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  1. #1

    3 year old jealousy issues

    I have a 3 year old son and recently had our daughter (now 3 months). My son is showing increasing signs of jealousy. I've tried taking special time each day just to spend with him and making him feel extra important when he helps out but he is still acting up quite often and I'm at the end of my rope. Help?!

  2. #2
    Senior Member

    Join Date
    Jan 2012
    My children always loved having a new baby in the house and I think that one of the reasons for this was because we relied on them to help with the baby. At 3 years, they were bringing me nappies and wipes, throwing the dirty nappy in the trash, sitting by baby and bouncing the bouncy seat, pushing the swing and and singing to baby to help her go to sleep.

    They were Mum's big helpers and I let them know how much I appreciated their help.

    I also snuggled them and read to them while I was breastfeeding baby. In as many ways as possible I tried to make them a part of everything I did with baby, so that they never felt like baby was taking my time away from them.

    You're doing great in trying to spend some time with him. Does he go to preschool? If so, that can make a child feel like they're being "booted out" while baby gets to stay home with mum (especially if they'd rather stay home with mum).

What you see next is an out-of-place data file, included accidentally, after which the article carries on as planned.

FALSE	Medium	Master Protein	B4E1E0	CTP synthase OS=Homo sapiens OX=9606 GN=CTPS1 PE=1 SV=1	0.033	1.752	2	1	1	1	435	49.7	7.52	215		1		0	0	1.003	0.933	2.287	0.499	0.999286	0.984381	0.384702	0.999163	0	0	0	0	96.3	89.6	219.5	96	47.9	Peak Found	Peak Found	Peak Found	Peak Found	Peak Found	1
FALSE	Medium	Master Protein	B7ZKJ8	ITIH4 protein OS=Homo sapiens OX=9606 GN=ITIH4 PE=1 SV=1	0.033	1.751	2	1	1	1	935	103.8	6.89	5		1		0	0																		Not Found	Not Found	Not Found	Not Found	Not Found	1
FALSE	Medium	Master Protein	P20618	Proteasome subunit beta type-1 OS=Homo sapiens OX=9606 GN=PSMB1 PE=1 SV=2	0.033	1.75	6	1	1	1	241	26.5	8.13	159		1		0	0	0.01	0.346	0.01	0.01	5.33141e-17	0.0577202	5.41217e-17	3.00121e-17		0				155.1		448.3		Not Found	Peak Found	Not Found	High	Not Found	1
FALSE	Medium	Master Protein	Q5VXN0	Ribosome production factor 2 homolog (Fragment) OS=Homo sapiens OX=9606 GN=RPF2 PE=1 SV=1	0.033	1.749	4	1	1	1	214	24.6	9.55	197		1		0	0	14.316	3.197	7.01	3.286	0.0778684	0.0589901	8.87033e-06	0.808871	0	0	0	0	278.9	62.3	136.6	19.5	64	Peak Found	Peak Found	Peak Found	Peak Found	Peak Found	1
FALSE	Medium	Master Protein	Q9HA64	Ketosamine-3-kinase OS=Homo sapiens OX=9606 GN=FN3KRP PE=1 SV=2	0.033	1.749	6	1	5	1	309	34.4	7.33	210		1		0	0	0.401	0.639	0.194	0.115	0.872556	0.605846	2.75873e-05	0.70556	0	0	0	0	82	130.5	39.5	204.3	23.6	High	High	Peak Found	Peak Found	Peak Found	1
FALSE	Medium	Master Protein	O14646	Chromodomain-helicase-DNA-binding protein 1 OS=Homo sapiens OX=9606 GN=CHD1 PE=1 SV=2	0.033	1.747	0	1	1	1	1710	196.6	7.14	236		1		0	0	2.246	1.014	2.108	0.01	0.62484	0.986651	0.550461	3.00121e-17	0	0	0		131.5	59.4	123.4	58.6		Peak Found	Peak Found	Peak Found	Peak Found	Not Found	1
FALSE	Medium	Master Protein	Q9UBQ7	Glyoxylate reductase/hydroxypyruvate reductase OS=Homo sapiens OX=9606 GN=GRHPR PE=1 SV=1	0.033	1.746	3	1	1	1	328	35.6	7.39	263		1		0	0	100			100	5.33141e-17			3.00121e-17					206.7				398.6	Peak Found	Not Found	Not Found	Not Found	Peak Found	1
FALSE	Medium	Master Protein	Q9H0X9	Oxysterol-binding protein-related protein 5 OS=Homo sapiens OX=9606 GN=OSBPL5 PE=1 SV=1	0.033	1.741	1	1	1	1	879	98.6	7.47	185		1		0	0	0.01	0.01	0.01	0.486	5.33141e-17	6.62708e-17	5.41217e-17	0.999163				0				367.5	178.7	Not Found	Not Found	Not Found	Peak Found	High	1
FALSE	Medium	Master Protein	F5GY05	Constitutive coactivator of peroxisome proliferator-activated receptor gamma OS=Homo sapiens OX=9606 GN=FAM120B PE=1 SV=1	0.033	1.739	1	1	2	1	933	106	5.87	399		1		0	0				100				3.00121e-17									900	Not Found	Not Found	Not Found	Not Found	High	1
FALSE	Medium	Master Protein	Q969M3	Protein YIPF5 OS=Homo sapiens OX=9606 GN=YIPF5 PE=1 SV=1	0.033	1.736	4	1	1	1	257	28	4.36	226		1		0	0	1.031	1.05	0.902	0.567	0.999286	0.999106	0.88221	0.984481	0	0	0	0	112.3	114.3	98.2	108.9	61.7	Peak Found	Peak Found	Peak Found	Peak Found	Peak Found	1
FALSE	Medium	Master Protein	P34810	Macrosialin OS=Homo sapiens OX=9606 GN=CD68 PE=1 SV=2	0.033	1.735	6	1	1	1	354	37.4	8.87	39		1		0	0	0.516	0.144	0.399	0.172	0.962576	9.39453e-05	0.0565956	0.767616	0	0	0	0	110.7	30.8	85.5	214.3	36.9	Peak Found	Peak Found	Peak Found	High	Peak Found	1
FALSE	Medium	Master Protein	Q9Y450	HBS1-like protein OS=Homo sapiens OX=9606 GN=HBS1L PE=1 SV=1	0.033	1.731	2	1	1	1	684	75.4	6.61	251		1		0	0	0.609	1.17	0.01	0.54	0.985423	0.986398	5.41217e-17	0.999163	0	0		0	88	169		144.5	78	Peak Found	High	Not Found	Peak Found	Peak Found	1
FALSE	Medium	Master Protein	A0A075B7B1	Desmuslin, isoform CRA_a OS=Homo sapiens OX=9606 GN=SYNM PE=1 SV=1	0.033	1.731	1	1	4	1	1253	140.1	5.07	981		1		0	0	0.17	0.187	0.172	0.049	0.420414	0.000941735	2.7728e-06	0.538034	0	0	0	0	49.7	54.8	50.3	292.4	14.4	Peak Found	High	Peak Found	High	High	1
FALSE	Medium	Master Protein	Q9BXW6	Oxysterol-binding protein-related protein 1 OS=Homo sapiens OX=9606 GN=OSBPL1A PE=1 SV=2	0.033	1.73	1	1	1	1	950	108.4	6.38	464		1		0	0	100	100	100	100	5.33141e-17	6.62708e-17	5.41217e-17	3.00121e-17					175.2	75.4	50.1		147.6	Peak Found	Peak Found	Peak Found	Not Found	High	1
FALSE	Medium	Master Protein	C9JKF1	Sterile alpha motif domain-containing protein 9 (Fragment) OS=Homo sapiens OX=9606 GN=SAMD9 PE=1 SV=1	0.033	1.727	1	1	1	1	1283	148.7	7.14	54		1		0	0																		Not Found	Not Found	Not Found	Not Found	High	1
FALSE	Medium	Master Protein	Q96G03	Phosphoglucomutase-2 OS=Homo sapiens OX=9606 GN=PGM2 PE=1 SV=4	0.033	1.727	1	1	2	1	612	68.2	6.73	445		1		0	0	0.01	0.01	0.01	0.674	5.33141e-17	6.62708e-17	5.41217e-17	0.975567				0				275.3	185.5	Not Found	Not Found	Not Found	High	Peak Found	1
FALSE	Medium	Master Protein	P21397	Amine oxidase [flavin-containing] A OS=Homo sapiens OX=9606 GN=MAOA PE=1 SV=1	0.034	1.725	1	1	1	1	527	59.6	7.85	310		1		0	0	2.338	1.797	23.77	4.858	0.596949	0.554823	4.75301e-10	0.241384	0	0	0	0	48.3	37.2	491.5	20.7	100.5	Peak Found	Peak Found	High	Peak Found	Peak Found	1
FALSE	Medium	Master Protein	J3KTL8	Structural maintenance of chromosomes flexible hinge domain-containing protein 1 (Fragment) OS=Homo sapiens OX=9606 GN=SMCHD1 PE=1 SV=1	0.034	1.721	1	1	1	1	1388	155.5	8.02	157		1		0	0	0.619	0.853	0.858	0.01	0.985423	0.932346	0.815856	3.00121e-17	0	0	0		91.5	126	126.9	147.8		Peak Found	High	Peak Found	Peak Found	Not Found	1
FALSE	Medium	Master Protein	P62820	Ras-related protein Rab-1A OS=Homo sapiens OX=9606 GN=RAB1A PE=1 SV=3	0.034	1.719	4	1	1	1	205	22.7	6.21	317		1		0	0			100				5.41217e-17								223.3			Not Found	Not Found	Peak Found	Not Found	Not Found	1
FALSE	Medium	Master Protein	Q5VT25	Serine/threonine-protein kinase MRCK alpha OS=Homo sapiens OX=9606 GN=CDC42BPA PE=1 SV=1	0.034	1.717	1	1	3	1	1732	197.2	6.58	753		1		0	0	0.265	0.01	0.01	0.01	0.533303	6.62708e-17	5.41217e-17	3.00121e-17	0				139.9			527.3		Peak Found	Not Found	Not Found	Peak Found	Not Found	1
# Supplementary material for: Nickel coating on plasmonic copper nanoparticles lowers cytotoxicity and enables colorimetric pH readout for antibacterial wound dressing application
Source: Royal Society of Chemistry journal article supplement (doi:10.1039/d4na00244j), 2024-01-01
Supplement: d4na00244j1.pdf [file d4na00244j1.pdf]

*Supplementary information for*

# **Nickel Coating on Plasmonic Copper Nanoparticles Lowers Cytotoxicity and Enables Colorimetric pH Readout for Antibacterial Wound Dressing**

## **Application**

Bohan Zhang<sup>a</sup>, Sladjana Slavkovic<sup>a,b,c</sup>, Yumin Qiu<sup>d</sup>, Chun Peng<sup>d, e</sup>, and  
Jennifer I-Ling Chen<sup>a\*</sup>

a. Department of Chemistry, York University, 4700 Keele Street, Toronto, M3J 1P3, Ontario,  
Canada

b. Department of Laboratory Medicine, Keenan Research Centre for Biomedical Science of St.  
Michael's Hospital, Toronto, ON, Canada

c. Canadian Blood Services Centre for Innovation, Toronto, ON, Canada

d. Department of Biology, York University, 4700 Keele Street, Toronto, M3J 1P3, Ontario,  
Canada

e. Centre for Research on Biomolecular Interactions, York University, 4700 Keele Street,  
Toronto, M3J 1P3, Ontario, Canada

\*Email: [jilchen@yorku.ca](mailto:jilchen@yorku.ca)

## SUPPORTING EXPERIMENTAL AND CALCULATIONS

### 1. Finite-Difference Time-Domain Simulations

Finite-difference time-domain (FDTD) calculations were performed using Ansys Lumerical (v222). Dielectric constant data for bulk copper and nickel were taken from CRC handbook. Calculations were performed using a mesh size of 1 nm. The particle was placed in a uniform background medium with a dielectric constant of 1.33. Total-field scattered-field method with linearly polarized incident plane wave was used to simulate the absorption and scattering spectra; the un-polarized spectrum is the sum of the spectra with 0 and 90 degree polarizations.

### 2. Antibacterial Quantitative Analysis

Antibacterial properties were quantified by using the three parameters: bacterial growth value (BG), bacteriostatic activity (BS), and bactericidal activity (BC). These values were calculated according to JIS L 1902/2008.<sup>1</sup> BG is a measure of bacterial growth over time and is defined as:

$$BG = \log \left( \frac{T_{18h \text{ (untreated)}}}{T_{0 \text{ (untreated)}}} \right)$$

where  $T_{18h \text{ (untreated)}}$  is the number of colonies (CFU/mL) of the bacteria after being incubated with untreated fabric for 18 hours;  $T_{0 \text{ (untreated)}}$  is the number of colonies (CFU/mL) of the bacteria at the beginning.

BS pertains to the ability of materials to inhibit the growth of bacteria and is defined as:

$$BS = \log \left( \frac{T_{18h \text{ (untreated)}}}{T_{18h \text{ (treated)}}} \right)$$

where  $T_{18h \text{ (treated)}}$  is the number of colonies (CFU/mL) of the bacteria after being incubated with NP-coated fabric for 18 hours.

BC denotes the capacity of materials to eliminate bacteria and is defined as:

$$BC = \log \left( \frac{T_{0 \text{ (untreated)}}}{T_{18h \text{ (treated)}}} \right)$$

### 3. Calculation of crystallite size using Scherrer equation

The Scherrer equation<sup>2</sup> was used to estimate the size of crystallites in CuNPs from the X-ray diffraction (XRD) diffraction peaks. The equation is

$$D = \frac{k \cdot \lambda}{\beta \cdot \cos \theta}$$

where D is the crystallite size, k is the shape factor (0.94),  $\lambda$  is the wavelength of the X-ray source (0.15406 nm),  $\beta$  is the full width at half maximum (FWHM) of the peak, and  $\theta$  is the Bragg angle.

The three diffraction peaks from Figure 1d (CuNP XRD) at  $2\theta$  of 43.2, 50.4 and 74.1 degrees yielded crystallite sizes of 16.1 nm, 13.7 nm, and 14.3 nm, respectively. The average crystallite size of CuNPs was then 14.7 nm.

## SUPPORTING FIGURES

Our children were always home with us, so we didn't have anyone who had to leave the home (i.e. preschool) when a new baby arrived.

    Warm regards,


  3. #3
    I agree to try making your older child feel involved by making him your little helper. You can often ask your older child to grab you something when you need it or help you find something. Are you breastfeeding? When I was breastfeeding, my older children would feel a bit left out. We started using a special box that was only for breastfeeding times. The box could be filled with inexpensive toys, books, coloring books and crayons, or even toys that your child has not played with in a while. When you sit down to breastfeed, you can pull out the box and let your older child pick out something special to play with. If your child picks a book, you can all snuggle together and read. If your child picks a new toy, it may keep your little one occupied, so you have time to feed the baby. I found that the box was something my oldest child found really special and he enjoyed being able to pick out something new (even if it was just a toy that he had not played with in a while).

    I also think spending time your older child can help, as well. Even if you just go for a walk or play a game. The final thing I can say is to just give it a little more time. Each of my children has adjusted to a new sibling differently, but for some children it gets easier once the baby becomes older and more mobile. To some toddlers or older children, a baby doesn't seem to do much but cry, eat and sleep. They may have a difficult time understanding why the baby can't just play with them, but as the baby gets older and more mobile, they are able to play with each other.

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